Summary: ABSTRACT (cont.): Ten independent force measurements were made on test samples and controls as they were brought into contact with selectin expressing ECs. There was a short-range nonspecific interaction between the microsphere and the cell surface, and a long-range specific interaction between SLe superscript X and the selectins. The short-range attractive interaction between SLe superscript X and ECs was 0.212 +- 0.040 mN/micrometer at 14.2 +- 3.1 nm, while that between BSA and ECs was 0.261 +- 0.062 mN/micrometer at 16.2 +- 2.9 nm. Between SLeX and ECs, a second interaction of 230.4 +- 40.4 pN was measured at 106.7 +- 26.0 nm. This force appeared to involve uncoiling of the selectin and rupture of the receptor-ligand bond. Topography-- ECs were grown on textured PDMS substrates with 5 micrometer deep and 5, 10, and 20 micrometer wide grooves. The ECs were investigated with optical, scanning electron, and scanning laser confocal microscopes. The ECs proliferated on PDMS substrates coated with fibronectin or treated with radiofrequency plasma, but not on plain PDMS. The ECs also deformed the PDMS substrate, and appear to bridge the grooves between ridges.
Summary: KEYWORDS: cell adhesion, selectin, sialyl Lewis X, avidin, biotin, AFM, atomic force microscope, topography
Thesis: Thesis (M.S.)--University of Florida, 2000.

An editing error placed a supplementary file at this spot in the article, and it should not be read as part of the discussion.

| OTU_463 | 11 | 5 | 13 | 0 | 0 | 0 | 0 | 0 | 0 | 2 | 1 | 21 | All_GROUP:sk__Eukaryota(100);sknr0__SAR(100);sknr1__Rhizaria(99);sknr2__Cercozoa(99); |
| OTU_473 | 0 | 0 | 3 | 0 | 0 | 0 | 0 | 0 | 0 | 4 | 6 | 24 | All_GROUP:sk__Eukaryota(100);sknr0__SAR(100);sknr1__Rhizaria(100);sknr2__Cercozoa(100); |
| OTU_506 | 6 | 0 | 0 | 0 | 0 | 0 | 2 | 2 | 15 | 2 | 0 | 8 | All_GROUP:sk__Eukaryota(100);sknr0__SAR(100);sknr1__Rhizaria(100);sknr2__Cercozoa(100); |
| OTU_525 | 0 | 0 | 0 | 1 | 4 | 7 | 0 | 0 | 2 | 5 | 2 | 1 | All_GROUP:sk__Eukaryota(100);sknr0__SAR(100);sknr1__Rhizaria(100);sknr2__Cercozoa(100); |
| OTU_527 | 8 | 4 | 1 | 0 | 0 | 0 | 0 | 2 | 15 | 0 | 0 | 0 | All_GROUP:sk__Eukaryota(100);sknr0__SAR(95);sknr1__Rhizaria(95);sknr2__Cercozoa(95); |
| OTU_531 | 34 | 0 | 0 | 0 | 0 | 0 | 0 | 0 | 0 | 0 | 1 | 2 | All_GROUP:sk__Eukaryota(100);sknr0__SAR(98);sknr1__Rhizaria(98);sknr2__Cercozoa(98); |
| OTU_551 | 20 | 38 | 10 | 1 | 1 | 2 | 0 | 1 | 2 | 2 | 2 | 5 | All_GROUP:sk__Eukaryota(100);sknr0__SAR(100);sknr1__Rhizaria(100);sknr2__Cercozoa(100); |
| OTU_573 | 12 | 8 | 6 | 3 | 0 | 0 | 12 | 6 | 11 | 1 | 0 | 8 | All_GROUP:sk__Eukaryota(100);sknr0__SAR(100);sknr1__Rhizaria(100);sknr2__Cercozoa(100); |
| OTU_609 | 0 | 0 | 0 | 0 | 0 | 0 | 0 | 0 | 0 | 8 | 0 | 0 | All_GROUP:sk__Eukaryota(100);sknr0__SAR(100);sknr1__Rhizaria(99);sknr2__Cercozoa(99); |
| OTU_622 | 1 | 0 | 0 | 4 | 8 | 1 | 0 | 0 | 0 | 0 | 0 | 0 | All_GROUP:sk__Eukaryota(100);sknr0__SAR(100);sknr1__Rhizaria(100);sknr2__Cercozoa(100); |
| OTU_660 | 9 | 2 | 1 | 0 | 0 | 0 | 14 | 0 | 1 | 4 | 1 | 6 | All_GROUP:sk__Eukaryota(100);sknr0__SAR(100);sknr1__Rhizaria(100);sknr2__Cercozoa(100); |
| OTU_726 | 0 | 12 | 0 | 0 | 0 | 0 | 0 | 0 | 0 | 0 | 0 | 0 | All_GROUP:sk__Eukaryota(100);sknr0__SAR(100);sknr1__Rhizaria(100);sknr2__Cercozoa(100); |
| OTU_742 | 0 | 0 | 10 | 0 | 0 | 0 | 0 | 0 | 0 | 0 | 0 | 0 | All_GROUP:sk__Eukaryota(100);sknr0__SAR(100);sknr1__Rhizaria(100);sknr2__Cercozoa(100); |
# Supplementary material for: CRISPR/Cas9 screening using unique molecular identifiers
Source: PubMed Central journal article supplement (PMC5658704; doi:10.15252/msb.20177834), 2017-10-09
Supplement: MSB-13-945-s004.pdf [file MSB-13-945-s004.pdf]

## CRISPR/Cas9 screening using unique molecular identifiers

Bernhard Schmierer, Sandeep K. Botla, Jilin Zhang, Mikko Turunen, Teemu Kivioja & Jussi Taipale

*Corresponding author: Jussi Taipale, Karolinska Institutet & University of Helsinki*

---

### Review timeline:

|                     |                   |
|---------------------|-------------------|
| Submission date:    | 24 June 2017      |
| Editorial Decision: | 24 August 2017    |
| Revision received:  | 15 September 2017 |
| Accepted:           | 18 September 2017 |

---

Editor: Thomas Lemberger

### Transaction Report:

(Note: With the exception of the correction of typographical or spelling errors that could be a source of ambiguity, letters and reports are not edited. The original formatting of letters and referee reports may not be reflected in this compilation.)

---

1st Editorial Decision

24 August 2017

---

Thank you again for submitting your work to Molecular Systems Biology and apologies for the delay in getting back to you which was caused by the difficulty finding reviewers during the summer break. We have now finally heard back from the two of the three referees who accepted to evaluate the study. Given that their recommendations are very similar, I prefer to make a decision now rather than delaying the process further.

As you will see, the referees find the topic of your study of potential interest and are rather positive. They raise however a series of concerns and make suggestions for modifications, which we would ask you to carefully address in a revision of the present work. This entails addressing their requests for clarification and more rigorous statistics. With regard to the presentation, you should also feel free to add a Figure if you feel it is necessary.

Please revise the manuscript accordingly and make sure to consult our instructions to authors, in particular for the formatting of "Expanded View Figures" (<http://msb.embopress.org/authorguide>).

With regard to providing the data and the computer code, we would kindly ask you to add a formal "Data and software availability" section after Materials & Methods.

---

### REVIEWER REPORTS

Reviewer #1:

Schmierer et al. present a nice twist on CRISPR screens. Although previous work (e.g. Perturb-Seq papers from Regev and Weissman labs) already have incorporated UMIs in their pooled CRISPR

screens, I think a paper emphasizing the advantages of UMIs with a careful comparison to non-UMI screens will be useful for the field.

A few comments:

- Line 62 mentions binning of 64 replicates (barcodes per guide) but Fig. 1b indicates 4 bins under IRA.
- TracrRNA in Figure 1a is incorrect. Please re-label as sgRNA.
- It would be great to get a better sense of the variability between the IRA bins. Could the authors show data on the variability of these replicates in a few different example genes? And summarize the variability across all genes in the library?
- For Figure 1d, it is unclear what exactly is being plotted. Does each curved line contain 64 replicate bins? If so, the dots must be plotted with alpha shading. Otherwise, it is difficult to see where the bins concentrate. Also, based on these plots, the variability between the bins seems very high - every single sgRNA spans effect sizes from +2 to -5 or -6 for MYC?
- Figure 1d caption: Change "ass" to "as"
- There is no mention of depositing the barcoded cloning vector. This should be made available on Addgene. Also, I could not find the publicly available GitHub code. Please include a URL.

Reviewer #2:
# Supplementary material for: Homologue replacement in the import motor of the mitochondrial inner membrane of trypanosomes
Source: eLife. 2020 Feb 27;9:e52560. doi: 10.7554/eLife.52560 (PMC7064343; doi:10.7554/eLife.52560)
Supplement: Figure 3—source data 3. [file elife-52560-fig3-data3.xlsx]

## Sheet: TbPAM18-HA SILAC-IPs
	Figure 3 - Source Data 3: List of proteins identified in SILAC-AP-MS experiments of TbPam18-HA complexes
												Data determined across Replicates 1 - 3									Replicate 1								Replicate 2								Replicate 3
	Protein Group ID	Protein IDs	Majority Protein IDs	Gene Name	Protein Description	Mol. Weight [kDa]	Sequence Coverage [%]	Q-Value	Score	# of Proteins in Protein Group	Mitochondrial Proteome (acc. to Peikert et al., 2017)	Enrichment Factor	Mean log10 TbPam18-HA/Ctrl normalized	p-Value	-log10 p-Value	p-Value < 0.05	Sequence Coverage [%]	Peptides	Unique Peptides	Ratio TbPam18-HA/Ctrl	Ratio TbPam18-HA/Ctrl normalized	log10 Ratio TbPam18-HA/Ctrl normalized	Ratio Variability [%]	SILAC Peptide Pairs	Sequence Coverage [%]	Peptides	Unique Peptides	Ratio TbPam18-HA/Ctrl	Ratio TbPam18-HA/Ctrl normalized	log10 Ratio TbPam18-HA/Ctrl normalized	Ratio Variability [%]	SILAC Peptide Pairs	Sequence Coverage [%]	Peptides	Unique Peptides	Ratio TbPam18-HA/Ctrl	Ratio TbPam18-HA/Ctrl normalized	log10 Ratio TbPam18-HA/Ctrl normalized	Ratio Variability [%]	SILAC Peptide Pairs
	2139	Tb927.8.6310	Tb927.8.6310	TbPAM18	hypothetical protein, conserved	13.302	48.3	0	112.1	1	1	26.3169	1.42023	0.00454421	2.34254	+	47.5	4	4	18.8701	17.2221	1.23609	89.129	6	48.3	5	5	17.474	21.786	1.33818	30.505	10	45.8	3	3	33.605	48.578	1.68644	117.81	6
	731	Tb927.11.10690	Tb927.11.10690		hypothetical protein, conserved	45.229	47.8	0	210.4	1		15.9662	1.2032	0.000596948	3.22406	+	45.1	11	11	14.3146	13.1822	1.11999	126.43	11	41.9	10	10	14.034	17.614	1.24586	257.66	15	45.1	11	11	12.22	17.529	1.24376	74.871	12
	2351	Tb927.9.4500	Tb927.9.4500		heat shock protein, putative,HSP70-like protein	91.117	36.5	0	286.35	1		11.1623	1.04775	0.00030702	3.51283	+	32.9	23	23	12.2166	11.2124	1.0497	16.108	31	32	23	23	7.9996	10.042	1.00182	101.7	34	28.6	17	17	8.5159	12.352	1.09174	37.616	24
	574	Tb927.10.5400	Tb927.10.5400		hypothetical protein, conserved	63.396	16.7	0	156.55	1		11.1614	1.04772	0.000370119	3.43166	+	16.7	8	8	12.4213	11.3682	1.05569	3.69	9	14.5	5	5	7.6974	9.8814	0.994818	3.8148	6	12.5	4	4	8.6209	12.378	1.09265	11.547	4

Bibliography: Includes bibliographical references (p. 69-77).
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System Details: Mode of access: World Wide Web.
Statement of Responsibility: by Lee Cheng Zhao.
General Note: Title from first page of PDF file.
General Note: Document formatted into pages; contains ix, 79 p.; also contains graphics.
General Note: Vita.
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Bibliographic ID: UF00100761
Volume ID: VID00001
Source Institution: University of Florida
Holding Location: University of Florida
Rights Management: All rights reserved by the source institution and holding location.
Resource Identifier: oclc - 50744159
alephbibnum - 002640212
notis - ANA7043

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CELL ADHESION: CHARACTERIZATION OF ADHESIVE FORCES AND EFFECT
OF TOPOGRAPHY





















By

LEE CHENG ZHAO


A THESIS PRESENTED TO THE GRADUATE SCHOOL
OF THE UNIVERSITY OF FLORIDA IN PARTIAL FULFILLMENT
OF THE REQUIREMENTS FOR THE DEGREE OF
MASTER OF SCIENCE

UNIVERSITY OF FLORIDA


2000















ACKNOWLEDGMENTS


This thesis was created with the assistance of a great number of great people. I

will try to acknowledge them all. First, my parents, Dr. Alex Zhao and Ms. Wei Zhu